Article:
My Widow's Veil
During the Victorian era, there was certain mourning behavior developed for women. Concealing black clothing along with heavy veils of black crepe were supposed to be worn for two years by a widow. She was not allowed to exit her home without her full black attire and her weeping veil.
Well, thank heavens times have changed, however after two months of living without Steve, though I never actually wore the heavy black weeping veil, I continue to feel like it cocoons me.
Oddly, the day of Steve’s death replays in vivid technicolor in my mind. I continue to remember distinct smells. Smells of sickness mixed with sanitizing disinfectant. I was trying desperately to keep Steve’s surroundings germ free.
I remember complete detailed conversations with the Hospice doctor, nurses, friends, relatives, with Steve. I can hear him clearly calling my name and then feebly trying to express to me that he needed to get up or wanted a peanut butter and jelly sandwich!
I recall the immediate drop in temperature each time I walked in our bedroom to check on Steve, touching his face and brow and thinking how could he be so clammy and damp when the nurse was wrapped in a quilt to keep warm? His familiar gray t-shirts, now cut down the back for ease in getting on and off were stained with perspiration, as his weak, frail body was struggling to survive. The shuttered windows, kept out any sunlight, it was so drastic from the sun streaming through the windows in the rest of our home.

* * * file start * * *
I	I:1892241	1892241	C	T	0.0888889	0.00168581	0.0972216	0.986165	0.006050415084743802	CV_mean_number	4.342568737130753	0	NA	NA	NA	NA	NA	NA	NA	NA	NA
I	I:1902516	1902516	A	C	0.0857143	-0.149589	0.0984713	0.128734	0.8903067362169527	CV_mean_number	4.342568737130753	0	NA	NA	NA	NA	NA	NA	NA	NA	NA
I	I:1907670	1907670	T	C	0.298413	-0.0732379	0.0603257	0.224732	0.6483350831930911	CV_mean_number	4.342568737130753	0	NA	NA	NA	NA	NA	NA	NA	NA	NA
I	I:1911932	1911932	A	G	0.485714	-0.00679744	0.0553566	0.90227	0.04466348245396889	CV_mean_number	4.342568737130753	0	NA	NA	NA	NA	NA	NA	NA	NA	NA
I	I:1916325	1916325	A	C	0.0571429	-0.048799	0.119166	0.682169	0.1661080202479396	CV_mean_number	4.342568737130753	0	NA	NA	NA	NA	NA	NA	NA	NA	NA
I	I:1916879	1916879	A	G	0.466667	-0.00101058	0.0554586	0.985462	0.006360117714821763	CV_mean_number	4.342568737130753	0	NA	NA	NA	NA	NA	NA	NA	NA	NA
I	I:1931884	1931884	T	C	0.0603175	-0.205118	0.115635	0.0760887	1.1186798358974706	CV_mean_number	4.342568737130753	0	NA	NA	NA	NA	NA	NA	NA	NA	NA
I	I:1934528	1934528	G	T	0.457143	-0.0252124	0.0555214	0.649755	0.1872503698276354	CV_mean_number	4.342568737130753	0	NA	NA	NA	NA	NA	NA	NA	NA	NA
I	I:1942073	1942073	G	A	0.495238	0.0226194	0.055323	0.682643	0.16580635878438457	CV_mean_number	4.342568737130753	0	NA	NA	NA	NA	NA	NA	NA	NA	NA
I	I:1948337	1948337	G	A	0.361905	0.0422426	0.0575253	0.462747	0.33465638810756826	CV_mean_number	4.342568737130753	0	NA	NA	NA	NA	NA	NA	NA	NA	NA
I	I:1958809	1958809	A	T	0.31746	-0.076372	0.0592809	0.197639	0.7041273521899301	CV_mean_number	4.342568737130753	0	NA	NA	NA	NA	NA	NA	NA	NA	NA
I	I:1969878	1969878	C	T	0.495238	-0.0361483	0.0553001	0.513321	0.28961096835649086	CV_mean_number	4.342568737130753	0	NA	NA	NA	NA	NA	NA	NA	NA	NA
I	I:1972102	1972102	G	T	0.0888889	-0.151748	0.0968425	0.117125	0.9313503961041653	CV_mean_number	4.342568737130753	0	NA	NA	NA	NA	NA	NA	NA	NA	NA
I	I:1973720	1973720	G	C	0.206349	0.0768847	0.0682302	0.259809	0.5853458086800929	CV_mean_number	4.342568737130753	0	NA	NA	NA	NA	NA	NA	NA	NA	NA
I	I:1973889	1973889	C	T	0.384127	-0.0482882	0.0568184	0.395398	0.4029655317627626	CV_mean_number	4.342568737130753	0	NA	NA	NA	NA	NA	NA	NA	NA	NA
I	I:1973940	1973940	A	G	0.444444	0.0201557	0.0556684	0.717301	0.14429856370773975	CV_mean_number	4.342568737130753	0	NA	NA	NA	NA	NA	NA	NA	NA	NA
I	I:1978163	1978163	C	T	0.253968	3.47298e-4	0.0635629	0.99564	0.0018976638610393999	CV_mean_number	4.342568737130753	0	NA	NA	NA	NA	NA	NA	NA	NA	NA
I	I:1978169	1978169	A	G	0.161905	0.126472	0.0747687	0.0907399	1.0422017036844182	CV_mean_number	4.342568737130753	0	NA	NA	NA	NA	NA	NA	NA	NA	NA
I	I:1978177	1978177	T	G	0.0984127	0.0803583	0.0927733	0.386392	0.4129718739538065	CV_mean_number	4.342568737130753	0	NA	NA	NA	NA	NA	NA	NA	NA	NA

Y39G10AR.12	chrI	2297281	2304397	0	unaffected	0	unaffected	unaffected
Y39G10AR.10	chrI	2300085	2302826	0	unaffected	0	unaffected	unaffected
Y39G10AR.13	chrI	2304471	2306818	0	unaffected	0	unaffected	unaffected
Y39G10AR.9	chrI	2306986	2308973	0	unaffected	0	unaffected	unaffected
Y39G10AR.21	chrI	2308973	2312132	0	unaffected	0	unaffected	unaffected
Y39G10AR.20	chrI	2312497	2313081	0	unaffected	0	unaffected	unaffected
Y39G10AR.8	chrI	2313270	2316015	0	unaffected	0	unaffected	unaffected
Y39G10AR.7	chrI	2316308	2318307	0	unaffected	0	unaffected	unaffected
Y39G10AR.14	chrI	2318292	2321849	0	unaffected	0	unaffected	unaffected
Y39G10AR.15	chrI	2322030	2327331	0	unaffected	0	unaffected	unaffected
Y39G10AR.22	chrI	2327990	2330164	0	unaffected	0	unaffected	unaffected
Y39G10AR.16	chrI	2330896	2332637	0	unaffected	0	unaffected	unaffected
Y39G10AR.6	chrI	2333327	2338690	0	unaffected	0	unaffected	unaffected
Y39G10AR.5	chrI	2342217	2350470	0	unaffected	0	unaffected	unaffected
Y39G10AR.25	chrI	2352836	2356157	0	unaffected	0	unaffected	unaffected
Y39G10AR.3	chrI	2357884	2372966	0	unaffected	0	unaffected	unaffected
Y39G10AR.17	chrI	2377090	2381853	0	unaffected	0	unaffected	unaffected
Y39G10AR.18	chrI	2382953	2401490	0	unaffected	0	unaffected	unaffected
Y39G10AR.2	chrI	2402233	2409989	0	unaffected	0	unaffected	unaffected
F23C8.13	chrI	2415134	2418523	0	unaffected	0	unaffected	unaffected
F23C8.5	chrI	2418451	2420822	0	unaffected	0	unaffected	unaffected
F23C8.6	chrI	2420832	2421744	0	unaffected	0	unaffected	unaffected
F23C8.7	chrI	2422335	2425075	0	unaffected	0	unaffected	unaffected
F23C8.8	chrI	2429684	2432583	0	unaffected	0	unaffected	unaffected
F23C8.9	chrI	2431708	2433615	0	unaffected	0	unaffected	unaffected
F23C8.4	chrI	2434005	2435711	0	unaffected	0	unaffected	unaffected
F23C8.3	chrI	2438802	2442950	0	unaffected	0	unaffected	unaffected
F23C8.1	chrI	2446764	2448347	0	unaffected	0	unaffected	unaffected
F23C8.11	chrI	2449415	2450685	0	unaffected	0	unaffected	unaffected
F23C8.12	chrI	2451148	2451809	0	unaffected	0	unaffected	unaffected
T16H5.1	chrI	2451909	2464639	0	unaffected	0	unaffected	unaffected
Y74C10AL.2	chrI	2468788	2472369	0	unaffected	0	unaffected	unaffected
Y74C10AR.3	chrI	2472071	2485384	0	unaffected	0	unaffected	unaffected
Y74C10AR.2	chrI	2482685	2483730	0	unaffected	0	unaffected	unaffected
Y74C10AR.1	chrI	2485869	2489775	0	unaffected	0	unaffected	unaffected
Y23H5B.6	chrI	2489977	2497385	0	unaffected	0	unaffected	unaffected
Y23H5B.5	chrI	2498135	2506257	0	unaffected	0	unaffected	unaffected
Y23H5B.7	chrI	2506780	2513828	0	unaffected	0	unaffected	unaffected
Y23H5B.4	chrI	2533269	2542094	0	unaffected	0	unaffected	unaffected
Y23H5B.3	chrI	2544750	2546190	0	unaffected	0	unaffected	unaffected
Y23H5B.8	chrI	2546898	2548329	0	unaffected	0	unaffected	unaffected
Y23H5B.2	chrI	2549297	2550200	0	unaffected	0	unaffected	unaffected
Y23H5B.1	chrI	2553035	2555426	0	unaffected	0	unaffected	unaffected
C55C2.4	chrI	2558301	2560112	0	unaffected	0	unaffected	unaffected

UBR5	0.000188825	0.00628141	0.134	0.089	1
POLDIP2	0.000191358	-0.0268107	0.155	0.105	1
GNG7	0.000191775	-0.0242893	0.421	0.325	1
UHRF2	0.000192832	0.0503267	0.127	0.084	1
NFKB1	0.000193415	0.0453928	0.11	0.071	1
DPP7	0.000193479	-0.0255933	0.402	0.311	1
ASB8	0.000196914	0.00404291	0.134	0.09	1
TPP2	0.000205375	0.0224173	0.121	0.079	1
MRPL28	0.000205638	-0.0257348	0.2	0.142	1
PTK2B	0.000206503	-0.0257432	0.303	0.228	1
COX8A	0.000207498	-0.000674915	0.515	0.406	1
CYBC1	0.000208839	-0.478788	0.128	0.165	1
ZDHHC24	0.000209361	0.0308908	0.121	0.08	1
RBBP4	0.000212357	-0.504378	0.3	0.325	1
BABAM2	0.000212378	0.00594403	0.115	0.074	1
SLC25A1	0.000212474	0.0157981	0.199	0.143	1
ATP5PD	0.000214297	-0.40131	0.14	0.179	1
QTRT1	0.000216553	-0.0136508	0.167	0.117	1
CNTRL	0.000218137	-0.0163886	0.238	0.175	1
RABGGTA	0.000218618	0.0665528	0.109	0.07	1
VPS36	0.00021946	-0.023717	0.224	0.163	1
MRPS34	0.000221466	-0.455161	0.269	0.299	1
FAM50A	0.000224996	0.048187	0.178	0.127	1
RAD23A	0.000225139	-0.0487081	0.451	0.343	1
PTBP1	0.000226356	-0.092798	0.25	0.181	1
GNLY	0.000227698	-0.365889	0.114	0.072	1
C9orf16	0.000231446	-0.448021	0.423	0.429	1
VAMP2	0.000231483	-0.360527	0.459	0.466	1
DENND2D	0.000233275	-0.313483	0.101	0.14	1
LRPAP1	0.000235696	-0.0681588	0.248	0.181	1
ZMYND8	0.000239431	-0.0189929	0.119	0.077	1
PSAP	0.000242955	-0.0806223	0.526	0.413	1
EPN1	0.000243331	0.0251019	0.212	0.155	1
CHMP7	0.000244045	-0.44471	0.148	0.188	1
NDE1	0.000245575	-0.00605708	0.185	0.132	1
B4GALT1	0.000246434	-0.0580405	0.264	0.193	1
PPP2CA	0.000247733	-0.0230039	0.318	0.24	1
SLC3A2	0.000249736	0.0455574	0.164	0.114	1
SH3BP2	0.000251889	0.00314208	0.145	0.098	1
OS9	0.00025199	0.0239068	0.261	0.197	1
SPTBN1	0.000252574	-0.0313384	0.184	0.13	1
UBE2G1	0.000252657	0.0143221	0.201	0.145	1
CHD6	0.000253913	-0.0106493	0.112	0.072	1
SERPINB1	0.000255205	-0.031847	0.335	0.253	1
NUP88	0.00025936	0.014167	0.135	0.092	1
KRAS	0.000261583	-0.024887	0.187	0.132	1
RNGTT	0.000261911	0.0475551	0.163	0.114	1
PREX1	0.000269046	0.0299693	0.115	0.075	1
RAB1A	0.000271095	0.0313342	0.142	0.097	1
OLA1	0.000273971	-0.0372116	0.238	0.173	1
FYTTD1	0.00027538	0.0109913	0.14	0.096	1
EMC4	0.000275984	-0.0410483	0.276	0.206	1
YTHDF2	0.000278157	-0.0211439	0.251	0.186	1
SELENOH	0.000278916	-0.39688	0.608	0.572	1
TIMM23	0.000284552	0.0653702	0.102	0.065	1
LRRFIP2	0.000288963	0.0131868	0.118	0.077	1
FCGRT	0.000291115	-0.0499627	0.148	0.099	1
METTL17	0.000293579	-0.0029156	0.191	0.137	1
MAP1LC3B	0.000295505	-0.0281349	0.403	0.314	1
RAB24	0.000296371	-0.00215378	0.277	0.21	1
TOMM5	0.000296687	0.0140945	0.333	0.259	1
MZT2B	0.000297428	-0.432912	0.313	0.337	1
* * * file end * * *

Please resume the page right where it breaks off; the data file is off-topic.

I still hear the whirl of the oxygen machine as it coursed into his lungs, yet that labored, shallow, rattled breathing was the sound that reverberated loudest through the air, now echoes in my memories.
I so wanted to curl up beside him and hold him close, but I sensed he was too uncomfortable to be touched. When I would brush my fingertips across his brow, gently pick up his hands and touch each finger as if trying to read poetry in braille, or softly kiss him he would murmur thank you, but there was a clinching of his jaw that told me my touch was too painful, so I would walk away not knowing where to go.